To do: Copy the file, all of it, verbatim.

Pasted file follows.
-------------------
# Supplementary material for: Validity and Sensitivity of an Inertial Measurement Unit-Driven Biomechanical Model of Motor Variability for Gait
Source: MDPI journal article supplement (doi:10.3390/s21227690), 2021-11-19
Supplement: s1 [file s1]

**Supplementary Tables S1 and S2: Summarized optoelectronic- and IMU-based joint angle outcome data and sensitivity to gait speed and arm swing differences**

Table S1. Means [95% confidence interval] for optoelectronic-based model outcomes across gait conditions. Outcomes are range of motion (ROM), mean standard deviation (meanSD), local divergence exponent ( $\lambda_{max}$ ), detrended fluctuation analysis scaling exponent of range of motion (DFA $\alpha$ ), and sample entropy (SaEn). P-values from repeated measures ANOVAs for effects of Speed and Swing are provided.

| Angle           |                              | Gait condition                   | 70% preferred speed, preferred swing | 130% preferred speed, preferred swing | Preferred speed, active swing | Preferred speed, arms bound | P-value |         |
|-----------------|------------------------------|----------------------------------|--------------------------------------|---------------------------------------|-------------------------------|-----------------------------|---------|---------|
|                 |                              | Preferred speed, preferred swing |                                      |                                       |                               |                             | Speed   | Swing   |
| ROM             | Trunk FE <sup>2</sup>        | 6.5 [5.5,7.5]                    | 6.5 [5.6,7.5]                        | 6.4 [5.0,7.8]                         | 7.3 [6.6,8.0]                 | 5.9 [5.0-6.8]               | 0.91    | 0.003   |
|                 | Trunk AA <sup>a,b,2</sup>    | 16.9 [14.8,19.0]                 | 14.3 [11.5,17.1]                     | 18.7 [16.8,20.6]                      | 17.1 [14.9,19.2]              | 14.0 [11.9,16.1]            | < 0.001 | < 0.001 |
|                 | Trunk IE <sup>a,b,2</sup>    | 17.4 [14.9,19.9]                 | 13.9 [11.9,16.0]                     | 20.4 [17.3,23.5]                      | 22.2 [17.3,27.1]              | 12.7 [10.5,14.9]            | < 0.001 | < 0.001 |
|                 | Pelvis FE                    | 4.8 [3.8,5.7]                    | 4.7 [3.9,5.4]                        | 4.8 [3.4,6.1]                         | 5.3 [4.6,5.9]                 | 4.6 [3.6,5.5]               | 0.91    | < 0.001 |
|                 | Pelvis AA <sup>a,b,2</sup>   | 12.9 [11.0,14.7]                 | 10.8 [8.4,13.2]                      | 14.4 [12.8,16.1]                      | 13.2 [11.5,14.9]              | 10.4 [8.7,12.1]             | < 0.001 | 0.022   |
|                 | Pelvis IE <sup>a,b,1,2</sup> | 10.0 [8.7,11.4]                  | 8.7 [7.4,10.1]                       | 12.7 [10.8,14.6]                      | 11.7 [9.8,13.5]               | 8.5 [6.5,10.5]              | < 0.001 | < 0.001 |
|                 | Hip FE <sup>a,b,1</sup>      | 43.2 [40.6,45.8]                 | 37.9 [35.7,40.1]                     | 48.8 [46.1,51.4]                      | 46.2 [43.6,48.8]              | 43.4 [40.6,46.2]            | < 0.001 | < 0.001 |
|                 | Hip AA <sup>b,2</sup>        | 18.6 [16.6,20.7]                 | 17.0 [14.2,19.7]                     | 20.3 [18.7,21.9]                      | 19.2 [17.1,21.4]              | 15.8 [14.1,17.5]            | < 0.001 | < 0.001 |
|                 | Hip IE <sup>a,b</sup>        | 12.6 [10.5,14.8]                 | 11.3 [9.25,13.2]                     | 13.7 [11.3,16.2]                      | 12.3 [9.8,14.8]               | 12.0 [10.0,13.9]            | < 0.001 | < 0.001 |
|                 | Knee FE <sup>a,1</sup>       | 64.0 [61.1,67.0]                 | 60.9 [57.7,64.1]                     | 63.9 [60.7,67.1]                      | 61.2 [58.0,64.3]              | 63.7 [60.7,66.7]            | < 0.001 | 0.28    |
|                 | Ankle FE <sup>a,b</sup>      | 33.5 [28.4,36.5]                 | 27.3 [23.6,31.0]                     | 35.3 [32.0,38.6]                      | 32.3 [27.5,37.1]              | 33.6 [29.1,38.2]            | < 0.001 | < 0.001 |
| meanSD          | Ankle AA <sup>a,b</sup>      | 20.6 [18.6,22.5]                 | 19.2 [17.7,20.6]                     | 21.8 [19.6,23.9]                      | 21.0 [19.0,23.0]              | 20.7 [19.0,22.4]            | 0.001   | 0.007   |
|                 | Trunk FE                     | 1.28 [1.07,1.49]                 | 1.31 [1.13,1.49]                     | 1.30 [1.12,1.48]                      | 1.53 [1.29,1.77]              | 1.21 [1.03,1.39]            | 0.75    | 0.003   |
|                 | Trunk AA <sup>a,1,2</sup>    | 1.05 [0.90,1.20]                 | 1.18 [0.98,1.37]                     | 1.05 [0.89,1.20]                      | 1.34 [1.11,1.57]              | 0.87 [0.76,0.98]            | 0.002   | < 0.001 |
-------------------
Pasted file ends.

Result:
# Supplementary material for: Validity and Sensitivity of an Inertial Measurement Unit-Driven Biomechanical Model of Motor Variability for Gait
Source: MDPI journal article supplement (doi:10.3390/s21227690), 2021-11-19
Supplement: s1 [file s1]

**Supplementary Tables S1 and S2: Summarized optoelectronic- and IMU-based joint angle outcome data and sensitivity to gait speed and arm swing differences**

Table S1. Means [95% confidence interval] for optoelectronic-based model outcomes across gait conditions. Outcomes are range of motion (ROM), mean standard deviation (meanSD), local divergence exponent ( $\lambda_{max}$ ), detrended fluctuation analysis scaling exponent of range of motion (DFA $\alpha$ ), and sample entropy (SaEn). P-values from repeated measures ANOVAs for effects of Speed and Swing are provided.

| Angle           |                              | Gait condition                   | 70% preferred speed, preferred swing | 130% preferred speed, preferred swing | Preferred speed, active swing | Preferred speed, arms bound | P-value |         |
|-----------------|------------------------------|----------------------------------|--------------------------------------|---------------------------------------|-------------------------------|-----------------------------|---------|---------|
|                 |                              | Preferred speed, preferred swing |                                      |                                       |                               |                             | Speed   | Swing   |
| ROM             | Trunk FE <sup>2</sup>        | 6.5 [5.5,7.5]                    | 6.5 [5.6,7.5]                        | 6.4 [5.0,7.8]                         | 7.3 [6.6,8.0]                 | 5.9 [5.0-6.8]               | 0.91    | 0.003   |
|                 | Trunk AA <sup>a,b,2</sup>    | 16.9 [14.8,19.0]                 | 14.3 [11.5,17.1]                     | 18.7 [16.8,20.6]                      | 17.1 [14.9,19.2]              | 14.0 [11.9,16.1]            | < 0.001 | < 0.001 |
|                 | Trunk IE <sup>a,b,2</sup>    | 17.4 [14.9,19.9]                 | 13.9 [11.9,16.0]                     | 20.4 [17.3,23.5]                      | 22.2 [17.3,27.1]              | 12.7 [10.5,14.9]            | < 0.001 | < 0.001 |
|                 | Pelvis FE                    | 4.8 [3.8,5.7]                    | 4.7 [3.9,5.4]                        | 4.8 [3.4,6.1]                         | 5.3 [4.6,5.9]                 | 4.6 [3.6,5.5]               | 0.91    | < 0.001 |
|                 | Pelvis AA <sup>a,b,2</sup>   | 12.9 [11.0,14.7]                 | 10.8 [8.4,13.2]                      | 14.4 [12.8,16.1]                      | 13.2 [11.5,14.9]              | 10.4 [8.7,12.1]             | < 0.001 | 0.022   |
|                 | Pelvis IE <sup>a,b,1,2</sup> | 10.0 [8.7,11.4]                  | 8.7 [7.4,10.1]                       | 12.7 [10.8,14.6]                      | 11.7 [9.8,13.5]               | 8.5 [6.5,10.5]              | < 0.001 | < 0.001 |
|                 | Hip FE <sup>a,b,1</sup>      | 43.2 [40.6,45.8]                 | 37.9 [35.7,40.1]                     | 48.8 [46.1,51.4]                      | 46.2 [43.6,48.8]              | 43.4 [40.6,46.2]            | < 0.001 | < 0.001 |
|                 | Hip AA <sup>b,2</sup>        | 18.6 [16.6,20.7]                 | 17.0 [14.2,19.7]                     | 20.3 [18.7,21.9]                      | 19.2 [17.1,21.4]              | 15.8 [14.1,17.5]            | < 0.001 | < 0.001 |
|                 | Hip IE <sup>a,b</sup>        | 12.6 [10.5,14.8]                 | 11.3 [9.25,13.2]                     | 13.7 [11.3,16.2]                      | 12.3 [9.8,14.8]               | 12.0 [10.0,13.9]            | < 0.001 | < 0.001 |
|                 | Knee FE <sup>a,1</sup>       | 64.0 [61.1,67.0]                 | 60.9 [57.7,64.1]                     | 63.9 [60.7,67.1]                      | 61.2 [58.0,64.3]              | 63.7 [60.7,66.7]            | < 0.001 | 0.28    |
|                 | Ankle FE <sup>a,b</sup>      | 33.5 [28.4,36.5]                 | 27.3 [23.6,31.0]                     | 35.3 [32.0,38.6]                      | 32.3 [27.5,37.1]              | 33.6 [29.1,38.2]            | < 0.001 | < 0.001 |
| meanSD          | Ankle AA <sup>a,b</sup>      | 20.6 [18.6,22.5]                 | 19.2 [17.7,20.6]                     | 21.8 [19.6,23.9]                      | 21.0 [19.0,23.0]              | 20.7 [19.0,22.4]            | 0.001   | 0.007   |
|                 | Trunk FE                     | 1.28 [1.07,1.49]                 | 1.31 [1.13,1.49]                     | 1.30 [1.12,1.48]                      | 1.53 [1.29,1.77]              | 1.21 [1.03,1.39]            | 0.75    | 0.003   |
|                 | Trunk AA <sup>a,1,2</sup>    | 1.05 [0.90,1.20]                 | 1.18 [0.98,1.37]                     | 1.05 [0.89,1.20]                      | 1.34 [1.11,1.57]              | 0.87 [0.76,0.98]            | 0.002   | < 0.001 |